Kitchen tools

Left: The old (potato masher, butter slicer, pastry dough cutter). Right: The new (Instapot hard-boiled egg tray, leaf stripper).


By Jane D. Brown

My twin sister Judi loves kitchen tools. She loves her air fryer, Instapot, vacuum sealer, bread machine, blender and food processor. She doesn’t like spending a lot of time in the kitchen. She’d rather be outside in her garden with her hoes, trowels, clippers, forks and shovels.

I, in contrast, love being in the kitchen, especially now that I’m retired. I like chopping the garlic, stirring the soup, kneading the bread. I have a few of the tools Judi has, but my small kitchen won’t allow more. And the truth is, I find my time in the kitchen almost as therapeutic as  outdoors.

Our farmer father loved tools of all kinds. He was a big fan of  “getting the right tool for the job” and always looked for the best new version. A few weeks before he died at 94 years old, he was enthused about a new can opener he’d discovered.

Pop also invented tools when he couldn’t find the exact thing he wanted. He created a livestock tether that screwed into the ground with a ball and socket so lambs or bulls could graze in a big circle without getting tangled. His “Tetherall” was cast copper and steel; today’s knock-offs are made of plastic.

Pop improvised in the kitchen, too, although that was primarily our mother’s domain. For years, we used a vice grip wrench to open the refrigerator after the original handle broke. He insisted Mom use one of the first pressure cookers, a stove-top electric frying pan, and an electric mixer. Mom drew the line at a dishwasher. She believed washing dishes was an important chore for us kids. Darn!

The kitchen drawers in the farmhouse where we grew up were filled with intriguing wooden and metal tools. One of my favorites transforms a stick of butter into 16 perfect squares. We sliced Mom’s homemade bread with a long steel knife that our blacksmith great-grandfather made. I still have the wooden-handled potato masher and the pastry cutter I remember our mother using.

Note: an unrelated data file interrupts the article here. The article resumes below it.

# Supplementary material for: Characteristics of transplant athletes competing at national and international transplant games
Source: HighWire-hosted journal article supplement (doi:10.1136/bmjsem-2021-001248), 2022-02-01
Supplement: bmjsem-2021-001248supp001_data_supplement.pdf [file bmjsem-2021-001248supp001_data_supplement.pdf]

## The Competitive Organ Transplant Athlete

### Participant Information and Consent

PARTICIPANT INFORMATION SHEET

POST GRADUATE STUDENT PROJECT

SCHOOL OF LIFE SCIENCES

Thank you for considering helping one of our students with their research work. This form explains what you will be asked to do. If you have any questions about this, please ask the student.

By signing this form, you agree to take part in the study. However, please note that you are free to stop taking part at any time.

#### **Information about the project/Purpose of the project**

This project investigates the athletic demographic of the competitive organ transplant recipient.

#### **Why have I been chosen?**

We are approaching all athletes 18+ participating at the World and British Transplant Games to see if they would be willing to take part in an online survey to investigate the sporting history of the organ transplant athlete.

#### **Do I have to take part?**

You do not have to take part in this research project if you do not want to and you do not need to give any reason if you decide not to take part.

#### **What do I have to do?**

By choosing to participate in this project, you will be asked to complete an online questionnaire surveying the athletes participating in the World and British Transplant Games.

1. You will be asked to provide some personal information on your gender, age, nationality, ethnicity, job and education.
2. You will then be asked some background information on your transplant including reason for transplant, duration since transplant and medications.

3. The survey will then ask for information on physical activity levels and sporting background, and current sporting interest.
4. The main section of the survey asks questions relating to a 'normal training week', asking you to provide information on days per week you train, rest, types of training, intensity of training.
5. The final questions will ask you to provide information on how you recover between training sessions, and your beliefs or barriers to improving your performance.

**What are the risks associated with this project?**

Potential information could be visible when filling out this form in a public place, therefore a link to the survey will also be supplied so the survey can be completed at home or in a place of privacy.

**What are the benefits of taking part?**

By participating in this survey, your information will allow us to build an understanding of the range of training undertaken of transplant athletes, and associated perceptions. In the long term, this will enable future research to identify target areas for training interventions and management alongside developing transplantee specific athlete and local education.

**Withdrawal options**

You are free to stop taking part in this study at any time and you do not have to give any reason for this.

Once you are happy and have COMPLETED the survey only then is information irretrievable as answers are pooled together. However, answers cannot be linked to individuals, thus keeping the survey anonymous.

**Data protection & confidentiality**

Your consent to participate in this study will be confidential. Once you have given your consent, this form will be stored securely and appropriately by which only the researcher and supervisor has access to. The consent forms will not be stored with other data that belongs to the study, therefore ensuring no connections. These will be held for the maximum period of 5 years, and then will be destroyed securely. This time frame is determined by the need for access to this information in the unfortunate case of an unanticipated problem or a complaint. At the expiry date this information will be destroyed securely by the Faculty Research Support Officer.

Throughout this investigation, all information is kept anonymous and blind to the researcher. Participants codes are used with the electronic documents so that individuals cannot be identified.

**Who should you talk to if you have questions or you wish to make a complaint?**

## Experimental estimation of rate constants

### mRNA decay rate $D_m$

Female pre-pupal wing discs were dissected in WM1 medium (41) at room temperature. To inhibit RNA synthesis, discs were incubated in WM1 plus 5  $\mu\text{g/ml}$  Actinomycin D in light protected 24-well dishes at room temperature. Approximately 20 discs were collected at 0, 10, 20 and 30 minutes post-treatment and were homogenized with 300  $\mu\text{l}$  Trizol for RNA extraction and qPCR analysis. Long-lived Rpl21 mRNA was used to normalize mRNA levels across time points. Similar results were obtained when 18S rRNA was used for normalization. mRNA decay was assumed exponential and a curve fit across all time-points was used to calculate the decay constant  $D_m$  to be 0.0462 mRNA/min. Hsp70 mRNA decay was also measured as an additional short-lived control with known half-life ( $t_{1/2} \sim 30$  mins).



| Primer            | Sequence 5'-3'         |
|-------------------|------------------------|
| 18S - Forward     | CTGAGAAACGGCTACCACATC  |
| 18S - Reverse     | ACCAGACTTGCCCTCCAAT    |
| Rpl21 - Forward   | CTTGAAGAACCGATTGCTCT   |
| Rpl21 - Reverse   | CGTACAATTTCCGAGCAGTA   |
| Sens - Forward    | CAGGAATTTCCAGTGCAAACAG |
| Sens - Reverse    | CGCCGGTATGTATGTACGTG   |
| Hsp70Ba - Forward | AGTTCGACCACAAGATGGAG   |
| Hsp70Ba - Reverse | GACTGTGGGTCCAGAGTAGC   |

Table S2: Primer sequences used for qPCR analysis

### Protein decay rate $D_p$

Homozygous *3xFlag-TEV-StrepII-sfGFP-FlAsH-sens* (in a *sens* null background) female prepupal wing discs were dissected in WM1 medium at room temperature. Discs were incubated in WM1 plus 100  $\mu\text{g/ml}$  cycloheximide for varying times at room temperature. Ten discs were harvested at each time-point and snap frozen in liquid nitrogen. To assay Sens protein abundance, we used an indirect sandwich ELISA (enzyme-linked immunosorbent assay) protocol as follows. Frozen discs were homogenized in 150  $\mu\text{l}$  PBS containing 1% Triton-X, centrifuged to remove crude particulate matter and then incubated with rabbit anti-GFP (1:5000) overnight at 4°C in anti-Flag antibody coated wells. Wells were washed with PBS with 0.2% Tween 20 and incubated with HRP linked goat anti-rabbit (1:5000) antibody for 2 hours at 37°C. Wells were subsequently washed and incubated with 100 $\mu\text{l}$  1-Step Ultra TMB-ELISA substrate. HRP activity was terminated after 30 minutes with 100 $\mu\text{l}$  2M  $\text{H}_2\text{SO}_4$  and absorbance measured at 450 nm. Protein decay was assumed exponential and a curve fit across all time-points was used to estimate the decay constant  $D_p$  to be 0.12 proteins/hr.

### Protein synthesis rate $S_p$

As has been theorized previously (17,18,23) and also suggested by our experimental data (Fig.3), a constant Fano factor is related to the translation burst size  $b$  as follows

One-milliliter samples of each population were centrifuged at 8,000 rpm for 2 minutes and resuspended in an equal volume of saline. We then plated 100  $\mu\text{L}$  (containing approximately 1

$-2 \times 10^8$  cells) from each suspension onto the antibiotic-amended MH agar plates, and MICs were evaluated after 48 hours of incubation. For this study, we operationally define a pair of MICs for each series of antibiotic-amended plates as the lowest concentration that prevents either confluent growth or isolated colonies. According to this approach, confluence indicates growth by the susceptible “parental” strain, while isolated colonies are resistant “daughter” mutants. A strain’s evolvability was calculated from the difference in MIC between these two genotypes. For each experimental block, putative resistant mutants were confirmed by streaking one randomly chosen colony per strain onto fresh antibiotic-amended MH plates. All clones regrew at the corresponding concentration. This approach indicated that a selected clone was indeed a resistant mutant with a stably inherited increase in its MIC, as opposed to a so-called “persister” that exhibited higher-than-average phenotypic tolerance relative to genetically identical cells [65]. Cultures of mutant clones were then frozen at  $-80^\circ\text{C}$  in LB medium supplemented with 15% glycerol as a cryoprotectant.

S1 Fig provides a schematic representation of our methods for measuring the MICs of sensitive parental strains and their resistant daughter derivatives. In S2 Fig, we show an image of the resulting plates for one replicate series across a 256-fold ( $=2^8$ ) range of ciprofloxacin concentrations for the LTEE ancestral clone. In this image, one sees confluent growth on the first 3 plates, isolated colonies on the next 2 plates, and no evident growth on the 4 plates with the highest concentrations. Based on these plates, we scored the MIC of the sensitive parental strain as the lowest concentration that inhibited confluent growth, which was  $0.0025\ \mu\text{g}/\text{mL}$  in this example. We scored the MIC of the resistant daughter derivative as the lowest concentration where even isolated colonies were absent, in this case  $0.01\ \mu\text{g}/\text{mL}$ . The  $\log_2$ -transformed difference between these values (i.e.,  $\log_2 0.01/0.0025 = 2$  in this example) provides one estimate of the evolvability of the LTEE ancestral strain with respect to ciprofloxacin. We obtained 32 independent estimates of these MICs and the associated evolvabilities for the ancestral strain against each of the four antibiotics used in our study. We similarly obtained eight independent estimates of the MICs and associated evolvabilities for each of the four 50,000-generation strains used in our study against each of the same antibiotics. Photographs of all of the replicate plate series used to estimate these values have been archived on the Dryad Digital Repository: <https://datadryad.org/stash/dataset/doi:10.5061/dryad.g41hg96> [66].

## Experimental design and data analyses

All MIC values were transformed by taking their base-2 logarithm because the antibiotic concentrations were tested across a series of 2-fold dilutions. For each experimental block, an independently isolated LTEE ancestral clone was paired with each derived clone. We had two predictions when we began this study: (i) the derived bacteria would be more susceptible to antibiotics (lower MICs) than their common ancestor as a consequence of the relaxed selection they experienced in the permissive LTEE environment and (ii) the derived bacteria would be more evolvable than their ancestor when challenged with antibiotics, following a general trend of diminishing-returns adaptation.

I used to wander around the Kitchen Store in the original University Mall, wondering what some of the tools were for. Like my sister and father, cooks often are looking for more efficient, effective ways of doing things.

But some of these innovations now just fill up my utensil drawer. Do I really need the red plastic tube that rolls the skin off garlic cloves, or the green plastic thingy with holes that is supposed to speed up stripping kale and chard leaves? They are colorful and look fun, but usually I forget I have them and take care of the garlic and kale the old-fashioned way. 

Recently Judi gave me a yellow silicon platform that fits in the bottom of the Instapot. She says it’s a quick way to make perfect hard-boiled eggs. It’s a pretty thing and a neat idea, but that would require getting my bulky pressure cooker out of the back closet (did I mention I have a small kitchen?) instead of boiling a pot of water.

I always appreciate Judi sharing these time-savers with me, but these days I’m not so interested in being more efficient. When I was a working mom with little time to even run to the grocery store, I was happy for the fastest, easiest way to get a meal on the table. I relied on the cookbook “Desperation Dinners” that promised a meal in 20 minutes or less. The labor-saving tools, already-diced garlic, and lemon juice in a plastic squeeze bottle came in very handy.

But now I have the privilege of time for chopping veggies with a knife rather than using the food processer and squeezing a real lemon with my hand. I appreciate the impulse to innovate and save time, but I’m moving back to the old ways. I like the emptier drawers and cupboards, too.

Jane D. Brown taught in the UNC Hussman School of Journalism and Media for 35 years and has lived in Chapel Hill since 1977.

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